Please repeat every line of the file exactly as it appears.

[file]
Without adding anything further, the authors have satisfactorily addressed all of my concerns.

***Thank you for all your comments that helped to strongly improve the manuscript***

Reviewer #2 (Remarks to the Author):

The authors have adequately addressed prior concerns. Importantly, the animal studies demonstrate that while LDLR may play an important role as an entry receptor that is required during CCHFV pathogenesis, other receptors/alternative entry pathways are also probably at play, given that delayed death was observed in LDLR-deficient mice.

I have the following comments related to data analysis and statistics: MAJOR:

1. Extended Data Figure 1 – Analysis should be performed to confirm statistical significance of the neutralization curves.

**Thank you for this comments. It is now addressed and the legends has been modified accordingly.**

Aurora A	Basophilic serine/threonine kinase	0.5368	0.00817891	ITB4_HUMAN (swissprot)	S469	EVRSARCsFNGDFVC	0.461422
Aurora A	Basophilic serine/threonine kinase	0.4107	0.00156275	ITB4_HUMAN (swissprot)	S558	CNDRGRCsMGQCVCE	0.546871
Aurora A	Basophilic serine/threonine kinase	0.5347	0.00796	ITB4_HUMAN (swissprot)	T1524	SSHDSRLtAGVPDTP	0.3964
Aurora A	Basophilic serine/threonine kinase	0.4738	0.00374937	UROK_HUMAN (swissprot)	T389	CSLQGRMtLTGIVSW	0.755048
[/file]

Without adding anything further, the authors have satisfactorily addressed all of my concerns.

***Thank you for all your comments that helped to strongly improve the manuscript***

Reviewer #2 (Remarks to the Author):

The authors have adequately addressed prior concerns. Importantly, the animal studies demonstrate that while LDLR may play an important role as an entry receptor that is required during CCHFV pathogenesis, other receptors/alternative entry pathways are also probably at play, given that delayed death was observed in LDLR-deficient mice.

I have the following comments related to data analysis and statistics: MAJOR:

1. Extended Data Figure 1 – Analysis should be performed to confirm statistical significance of the neutralization curves.

**Thank you for this comments. It is now addressed and the legends has been modified accordingly.**

Aurora A	Basophilic serine/threonine kinase	0.5368	0.00817891	ITB4_HUMAN (swissprot)	S469	EVRSARCsFNGDFVC	0.461422
Aurora A	Basophilic serine/threonine kinase	0.4107	0.00156275	ITB4_HUMAN (swissprot)	S558	CNDRGRCsMGQCVCE	0.546871
Aurora A	Basophilic serine/threonine kinase	0.5347	0.00796	ITB4_HUMAN (swissprot)	T1524	SSHDSRLtAGVPDTP	0.3964
Aurora A	Basophilic serine/threonine kinase	0.4738	0.00374937	UROK_HUMAN (swissprot)	T389	CSLQGRMtLTGIVSW	0.755048